While there are numerous plant diseases that can hit any of the 60 varieties of oak tree, a few of the more common ones will be covered. Below is a description of what the plant disease looks like and what you can do about it.
Diseases of the Leaves and Twigs (Fungus)
When looking to diagnose a plant disease, a good start is to look at the leaves. This can tell you a lot about the health of the tree.
Oak Tree Blister
This plant disease can be seen on the top and bottom of the leaves. On the surface of the leaf, you will see blister like areas that can be as big as a quarter. On the other side of the leaf, one will find a gray colored depression that matches up with the blister. As the disease progresses on this leaf, the blister will turn brown, the leaf will curl up and eventually the leaf will drop prematurely. While this disease does not cause the tree to die, it does make it look unsightly.
The causes of this disease are environmental. It takes a combination of factors for this disease to take off even though it can be stored in the twigs and buds of the oak tree. To encourage the growth of this disease, the weather must be unseasonably mild, wet, and humid in the spring. If these environmental factors play out in your area and you or a neighbor has an existing case of oak tree blister, you will probably develop the disease in your remaining oaks. Why is this? The reason is that the spores are easily transported through wind and rain.
To reduce the chances of getting this plant disease or to control it, only requires one simple step and that is to clean up the garden space. Remove all the fallen leaves and throw away. If you have had oak tree blister, do not compost the leaves. The spores will remain in the compost and when you go to use it, you will be reincorporating the spores back into the environment.
This plant disease typically hits new shoots and twigs. It can be seen as browning of leaves and twigs that eventually die back. Or, this disease can be seen as cupping and browning along the leaf veins in slightly older leaves. Mature leaves are typically not affected.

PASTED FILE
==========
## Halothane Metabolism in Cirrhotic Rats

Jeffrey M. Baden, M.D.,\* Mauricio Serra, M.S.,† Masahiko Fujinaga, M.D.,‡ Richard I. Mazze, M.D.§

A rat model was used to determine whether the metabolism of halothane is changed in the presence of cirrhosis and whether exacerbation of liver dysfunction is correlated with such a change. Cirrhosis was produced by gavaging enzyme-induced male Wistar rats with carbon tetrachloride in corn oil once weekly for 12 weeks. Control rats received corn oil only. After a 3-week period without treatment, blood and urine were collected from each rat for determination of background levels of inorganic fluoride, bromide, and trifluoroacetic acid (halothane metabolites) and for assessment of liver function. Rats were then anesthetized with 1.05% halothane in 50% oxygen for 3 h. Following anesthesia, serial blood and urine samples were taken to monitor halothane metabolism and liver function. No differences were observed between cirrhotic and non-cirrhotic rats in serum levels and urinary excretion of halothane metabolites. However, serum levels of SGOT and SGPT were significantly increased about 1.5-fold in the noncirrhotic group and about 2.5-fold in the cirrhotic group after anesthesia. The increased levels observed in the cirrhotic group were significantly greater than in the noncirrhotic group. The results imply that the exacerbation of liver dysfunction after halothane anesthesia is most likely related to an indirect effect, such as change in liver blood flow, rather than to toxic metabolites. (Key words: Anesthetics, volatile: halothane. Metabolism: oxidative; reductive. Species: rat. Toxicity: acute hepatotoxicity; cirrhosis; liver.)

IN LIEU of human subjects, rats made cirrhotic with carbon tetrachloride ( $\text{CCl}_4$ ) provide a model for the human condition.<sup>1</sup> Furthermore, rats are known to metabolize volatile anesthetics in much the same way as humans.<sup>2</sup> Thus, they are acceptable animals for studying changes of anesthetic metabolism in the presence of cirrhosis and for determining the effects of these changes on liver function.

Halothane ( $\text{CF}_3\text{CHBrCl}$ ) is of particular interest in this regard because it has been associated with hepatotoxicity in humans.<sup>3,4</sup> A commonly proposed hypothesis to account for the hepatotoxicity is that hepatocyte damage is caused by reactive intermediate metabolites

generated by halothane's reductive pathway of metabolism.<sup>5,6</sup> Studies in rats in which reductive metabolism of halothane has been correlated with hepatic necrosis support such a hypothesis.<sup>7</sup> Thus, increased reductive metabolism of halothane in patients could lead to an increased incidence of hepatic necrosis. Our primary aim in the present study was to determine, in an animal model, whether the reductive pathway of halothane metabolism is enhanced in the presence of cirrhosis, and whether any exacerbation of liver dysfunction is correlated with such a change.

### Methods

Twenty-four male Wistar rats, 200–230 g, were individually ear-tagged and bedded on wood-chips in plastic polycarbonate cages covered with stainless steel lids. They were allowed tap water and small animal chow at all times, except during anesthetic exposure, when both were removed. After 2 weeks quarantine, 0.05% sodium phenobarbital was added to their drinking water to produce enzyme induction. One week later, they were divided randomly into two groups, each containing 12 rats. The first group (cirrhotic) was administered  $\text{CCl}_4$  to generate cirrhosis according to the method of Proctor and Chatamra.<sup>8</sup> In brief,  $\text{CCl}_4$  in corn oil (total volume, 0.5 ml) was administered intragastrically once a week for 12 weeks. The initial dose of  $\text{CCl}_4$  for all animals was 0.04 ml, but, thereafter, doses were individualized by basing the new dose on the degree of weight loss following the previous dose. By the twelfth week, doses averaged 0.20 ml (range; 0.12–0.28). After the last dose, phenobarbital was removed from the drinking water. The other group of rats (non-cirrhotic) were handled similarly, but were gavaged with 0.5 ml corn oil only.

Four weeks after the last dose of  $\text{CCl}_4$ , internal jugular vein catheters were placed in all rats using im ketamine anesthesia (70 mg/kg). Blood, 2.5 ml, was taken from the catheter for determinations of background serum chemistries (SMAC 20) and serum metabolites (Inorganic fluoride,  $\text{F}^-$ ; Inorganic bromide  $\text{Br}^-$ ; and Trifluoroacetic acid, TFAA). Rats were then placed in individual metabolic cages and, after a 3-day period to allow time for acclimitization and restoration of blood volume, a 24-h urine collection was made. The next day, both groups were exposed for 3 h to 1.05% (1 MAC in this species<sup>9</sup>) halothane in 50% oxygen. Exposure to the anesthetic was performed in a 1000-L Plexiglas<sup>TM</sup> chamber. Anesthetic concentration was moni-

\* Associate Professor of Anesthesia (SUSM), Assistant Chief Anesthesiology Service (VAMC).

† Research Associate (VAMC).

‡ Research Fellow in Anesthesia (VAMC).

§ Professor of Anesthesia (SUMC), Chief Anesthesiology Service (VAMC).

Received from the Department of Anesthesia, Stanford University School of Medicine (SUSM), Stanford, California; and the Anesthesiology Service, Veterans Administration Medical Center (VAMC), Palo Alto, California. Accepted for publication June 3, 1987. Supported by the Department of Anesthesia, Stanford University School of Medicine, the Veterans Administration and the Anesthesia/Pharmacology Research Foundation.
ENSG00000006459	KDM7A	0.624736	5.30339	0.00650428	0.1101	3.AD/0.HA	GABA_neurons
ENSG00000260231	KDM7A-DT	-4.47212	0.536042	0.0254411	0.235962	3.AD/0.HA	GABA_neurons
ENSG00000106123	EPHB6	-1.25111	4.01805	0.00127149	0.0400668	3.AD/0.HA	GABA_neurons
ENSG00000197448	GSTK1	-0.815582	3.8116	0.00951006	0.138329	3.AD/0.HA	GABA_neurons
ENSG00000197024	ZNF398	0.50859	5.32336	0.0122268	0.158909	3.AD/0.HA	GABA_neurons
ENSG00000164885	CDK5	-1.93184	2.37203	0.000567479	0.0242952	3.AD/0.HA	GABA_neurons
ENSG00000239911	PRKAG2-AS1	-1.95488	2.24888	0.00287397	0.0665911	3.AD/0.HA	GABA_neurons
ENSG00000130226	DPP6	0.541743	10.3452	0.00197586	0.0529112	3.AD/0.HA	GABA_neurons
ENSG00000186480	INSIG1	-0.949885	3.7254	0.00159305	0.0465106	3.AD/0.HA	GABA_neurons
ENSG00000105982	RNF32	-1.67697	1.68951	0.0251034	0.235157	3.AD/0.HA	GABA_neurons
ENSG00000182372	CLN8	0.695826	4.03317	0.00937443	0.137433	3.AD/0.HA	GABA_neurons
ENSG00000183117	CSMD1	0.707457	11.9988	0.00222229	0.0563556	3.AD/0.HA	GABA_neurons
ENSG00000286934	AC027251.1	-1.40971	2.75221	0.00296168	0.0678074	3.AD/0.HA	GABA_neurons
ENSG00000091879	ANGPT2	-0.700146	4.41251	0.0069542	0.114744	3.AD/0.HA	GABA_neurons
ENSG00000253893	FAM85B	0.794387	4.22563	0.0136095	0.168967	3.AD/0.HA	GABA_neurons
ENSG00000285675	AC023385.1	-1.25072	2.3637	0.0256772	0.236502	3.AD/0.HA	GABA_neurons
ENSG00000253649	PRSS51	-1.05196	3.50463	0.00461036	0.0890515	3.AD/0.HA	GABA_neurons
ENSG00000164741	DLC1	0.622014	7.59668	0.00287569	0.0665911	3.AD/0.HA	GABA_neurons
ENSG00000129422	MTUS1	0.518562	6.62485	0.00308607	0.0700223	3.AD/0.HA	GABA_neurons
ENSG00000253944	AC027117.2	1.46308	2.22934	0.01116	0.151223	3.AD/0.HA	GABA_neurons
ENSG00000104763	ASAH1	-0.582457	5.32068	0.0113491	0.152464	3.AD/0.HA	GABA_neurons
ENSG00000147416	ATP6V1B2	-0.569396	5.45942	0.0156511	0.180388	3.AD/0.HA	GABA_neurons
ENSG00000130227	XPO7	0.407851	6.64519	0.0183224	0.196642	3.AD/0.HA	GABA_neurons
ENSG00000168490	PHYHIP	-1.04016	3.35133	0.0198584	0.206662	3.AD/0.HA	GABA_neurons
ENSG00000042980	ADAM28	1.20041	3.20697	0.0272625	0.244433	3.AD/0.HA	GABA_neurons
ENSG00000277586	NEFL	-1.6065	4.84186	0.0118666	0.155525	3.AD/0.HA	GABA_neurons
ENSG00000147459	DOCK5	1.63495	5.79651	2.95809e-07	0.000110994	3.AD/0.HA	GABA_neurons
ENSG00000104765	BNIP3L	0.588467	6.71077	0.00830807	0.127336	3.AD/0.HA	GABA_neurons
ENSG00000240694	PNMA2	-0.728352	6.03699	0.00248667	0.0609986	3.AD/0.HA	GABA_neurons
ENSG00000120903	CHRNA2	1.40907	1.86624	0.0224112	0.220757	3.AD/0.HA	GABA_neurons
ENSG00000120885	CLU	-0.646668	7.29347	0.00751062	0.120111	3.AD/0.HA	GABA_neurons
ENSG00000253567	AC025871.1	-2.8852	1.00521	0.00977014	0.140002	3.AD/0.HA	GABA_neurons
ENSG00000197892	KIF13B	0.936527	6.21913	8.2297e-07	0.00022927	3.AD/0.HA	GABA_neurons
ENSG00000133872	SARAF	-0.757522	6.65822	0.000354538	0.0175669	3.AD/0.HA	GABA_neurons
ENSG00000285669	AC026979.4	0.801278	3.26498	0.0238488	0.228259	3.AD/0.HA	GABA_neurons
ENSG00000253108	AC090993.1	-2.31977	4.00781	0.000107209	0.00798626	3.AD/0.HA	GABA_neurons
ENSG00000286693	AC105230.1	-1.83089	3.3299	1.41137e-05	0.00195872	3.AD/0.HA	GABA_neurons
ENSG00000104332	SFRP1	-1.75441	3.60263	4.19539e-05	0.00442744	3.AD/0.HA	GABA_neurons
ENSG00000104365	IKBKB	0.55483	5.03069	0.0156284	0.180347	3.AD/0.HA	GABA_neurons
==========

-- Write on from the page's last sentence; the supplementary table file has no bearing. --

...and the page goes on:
Another characteristic of this disease is the presence of small fruiting bodies on the underside of affected leaves. These fruiting bodies normally follow the vein of the leaf.
This fungal disease survives in twigs and plant debris. It also loves mild winters by which it can remain active. Wind and rain are means by which anthracnose spreads from one twig or branch to another.
While your tree my look untidy, this plant disease is normally not fatal. To reduce the chances of developing this problem or treating an already existing case of anthracnose, one must make sure that the tree is being properly feed. Next, one will need to prune back the lower branches of the oak tree. This will increase air circulation around the branches, which will help dry out the immediate environment around the tree. All funguses like moist environments and doing the later step will reduce that moisture. Lastly, one will need to rake up all the leaves and twigs that have fallen. Dispose of the leaves by placing them in the trash or burning them.
Tubakia Leaf Spot
This oak tree disease appears as brown to reddish brown blotches on young leaves. On older leaves, the tubakia leaf spot appears as spots of dead leaf tissue. Fungal fruiting bodies can be seen on top of these lesions. If the tubakia leaf spot sets up on or along the veins of the leaf, the leaf itself will cave in due to the blockage of water up and through the vein.
If winters are mild, this fungus can live in twig and leaf debris. It thrives in areas that are wet, warm and humid. While both red and white oaks can get this disease, the red oak is more susceptible.